In a move that may shake up the U.S. telecommunications industry, the firth-largest telecommunications operator CenturyLink—created from the merger of CenturyTel and Embarq——has announced it will be merging with Qwest, the nation’s third-largest telco, in a tax-free stock-for-stock deal valued at about $10.6 billion. The deal is seen as a way for both companies to benefit from scaling as the market for traditional landline communications in the United States continues to dwindle as consumers switch to alternatives like wireless and Internet-based communication and digital voice packages offered by satellite and cable television providers. However, the combined company will not be out of the digital services game: the combined company will have a 173,000-mile fiber network and expects to offer a broad range of communications options to consumers, business, and wholesale customers.
“We believe the combination of CenturyLink’s and Qwest’s employees, assets, and service areas will provide us greater scale, scope, and expertise and will provide significant benefits for shareholders, customers, and our communities,” said CenturyLink president and CEO Glen F. Post III, in a statement. “This combination will enhance our ability to deploy innovative IP products and high-bandwidth services to business customers, expand broadband availability and speed to consumers, and offer superior, differentiated video products.”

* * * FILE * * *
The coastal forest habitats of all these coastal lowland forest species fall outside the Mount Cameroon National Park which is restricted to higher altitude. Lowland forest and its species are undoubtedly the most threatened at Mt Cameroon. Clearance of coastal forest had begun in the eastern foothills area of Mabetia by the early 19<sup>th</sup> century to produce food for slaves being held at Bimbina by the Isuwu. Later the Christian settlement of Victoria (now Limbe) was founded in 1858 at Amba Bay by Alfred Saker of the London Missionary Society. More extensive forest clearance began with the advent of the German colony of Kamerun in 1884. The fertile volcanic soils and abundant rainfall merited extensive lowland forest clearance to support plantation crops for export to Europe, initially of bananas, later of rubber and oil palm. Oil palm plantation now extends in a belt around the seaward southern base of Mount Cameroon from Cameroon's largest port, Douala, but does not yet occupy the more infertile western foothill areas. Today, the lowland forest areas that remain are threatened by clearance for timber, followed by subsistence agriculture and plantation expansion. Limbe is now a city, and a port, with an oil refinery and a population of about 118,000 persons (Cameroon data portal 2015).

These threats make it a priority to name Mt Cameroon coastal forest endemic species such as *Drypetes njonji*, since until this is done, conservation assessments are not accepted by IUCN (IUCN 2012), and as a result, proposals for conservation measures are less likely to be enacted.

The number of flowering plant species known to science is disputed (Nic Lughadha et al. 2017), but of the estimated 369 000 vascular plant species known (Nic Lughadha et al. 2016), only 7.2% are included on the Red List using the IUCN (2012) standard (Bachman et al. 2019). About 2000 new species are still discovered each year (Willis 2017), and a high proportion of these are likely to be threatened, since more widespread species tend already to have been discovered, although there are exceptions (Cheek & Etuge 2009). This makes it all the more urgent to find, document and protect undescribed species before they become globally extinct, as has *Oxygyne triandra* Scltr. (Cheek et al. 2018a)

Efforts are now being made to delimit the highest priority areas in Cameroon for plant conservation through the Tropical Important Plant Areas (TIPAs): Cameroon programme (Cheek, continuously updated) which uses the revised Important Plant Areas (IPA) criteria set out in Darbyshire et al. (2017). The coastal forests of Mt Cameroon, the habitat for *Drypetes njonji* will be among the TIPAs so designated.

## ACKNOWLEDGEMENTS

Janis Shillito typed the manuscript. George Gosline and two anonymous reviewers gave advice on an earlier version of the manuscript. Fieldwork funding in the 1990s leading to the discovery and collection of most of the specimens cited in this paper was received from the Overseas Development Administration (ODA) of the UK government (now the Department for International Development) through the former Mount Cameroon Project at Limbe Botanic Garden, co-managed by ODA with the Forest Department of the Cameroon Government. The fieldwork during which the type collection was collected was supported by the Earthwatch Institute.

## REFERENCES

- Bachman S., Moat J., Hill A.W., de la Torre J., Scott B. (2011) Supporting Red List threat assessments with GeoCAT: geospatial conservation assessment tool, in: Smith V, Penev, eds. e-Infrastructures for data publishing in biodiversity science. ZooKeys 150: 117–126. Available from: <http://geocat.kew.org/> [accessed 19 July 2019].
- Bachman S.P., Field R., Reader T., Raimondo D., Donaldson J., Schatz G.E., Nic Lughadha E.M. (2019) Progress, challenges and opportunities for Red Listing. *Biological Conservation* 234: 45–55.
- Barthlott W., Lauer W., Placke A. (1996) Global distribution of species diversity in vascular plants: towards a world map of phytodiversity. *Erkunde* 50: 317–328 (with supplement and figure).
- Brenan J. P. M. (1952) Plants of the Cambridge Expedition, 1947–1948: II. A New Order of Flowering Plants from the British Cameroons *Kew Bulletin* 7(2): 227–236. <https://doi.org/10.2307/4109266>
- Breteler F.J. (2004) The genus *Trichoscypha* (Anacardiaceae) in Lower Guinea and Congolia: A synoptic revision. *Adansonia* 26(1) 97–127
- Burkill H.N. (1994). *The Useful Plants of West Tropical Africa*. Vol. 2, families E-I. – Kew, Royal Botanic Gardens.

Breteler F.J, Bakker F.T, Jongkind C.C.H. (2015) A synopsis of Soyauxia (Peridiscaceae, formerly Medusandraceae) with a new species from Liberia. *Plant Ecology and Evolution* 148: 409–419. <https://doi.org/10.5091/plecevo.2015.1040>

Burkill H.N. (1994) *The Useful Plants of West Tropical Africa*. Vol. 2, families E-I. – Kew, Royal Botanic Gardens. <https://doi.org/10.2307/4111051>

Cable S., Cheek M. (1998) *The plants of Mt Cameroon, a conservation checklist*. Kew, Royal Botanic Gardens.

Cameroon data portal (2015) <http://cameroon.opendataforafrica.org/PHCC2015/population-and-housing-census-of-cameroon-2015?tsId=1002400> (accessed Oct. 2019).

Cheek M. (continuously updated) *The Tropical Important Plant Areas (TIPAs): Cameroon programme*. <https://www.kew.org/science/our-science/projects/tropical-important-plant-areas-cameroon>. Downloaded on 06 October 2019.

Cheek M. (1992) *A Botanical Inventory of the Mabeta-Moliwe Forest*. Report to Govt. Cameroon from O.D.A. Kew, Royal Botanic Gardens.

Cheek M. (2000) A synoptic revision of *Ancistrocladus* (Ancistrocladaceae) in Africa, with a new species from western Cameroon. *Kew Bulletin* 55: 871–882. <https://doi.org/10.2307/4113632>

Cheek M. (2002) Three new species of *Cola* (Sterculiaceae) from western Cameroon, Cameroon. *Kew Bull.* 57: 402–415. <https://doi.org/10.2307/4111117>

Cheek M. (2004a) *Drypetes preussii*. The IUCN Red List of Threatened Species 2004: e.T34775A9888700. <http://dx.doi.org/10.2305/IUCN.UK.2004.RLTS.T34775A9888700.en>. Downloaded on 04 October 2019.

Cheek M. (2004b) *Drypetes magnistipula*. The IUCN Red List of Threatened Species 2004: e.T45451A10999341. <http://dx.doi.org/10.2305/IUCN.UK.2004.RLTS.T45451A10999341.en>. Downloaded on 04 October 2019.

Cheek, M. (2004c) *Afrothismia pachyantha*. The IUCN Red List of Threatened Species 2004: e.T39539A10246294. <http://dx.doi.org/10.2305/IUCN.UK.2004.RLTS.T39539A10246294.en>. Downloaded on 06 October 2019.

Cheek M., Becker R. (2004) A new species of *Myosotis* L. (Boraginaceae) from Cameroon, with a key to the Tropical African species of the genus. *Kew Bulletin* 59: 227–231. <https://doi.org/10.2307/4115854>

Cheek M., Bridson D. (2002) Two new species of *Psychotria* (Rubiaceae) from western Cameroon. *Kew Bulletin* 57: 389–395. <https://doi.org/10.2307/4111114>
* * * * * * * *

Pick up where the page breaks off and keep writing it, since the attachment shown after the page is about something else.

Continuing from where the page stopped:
When the deal is concluded—assuming it is approved by both companies’ boards—CenturyLink shareholders will wind up with about 50.5 percent of the combined company. The combined company would be operated out of CenturyLink’s current headquarters in Monroe, Louisiana, rather than Qwest’s headquarters in Denver, Colorado. A good portion of CenturyLink’s business derives from rural phone subsidies; the company could see a portion of that revenue vanishing under the FCC’s proposed national broadband plan, which proposes diverting funds from subsidizing rural phone service to subsidizing nationwide broadband access.
The combined company would have about 18 million telephone customers in 37 U.S. states, although it would still be the third largest telco system in the country: AT&T and Verizon’s telco operations are both substantially larger. (If you’re curious, the fourth largest telco in the United States isn’t a traditional phone company: it’s Comcast.) Qwest mostly operates in western U.S. states; the company was an early pioneer in laying out high-bandwidth fiber networks, but a series of mis-steps left it saddled with significant debts. Qwest’s brand was also seriously tarnished by the insider trading conviction of former CEO Joseph Nacchio, who is currently serving a six-year sentence in federal prison…although he’s reportedly attempting to get an appeal to the U.S. Supreme Court.
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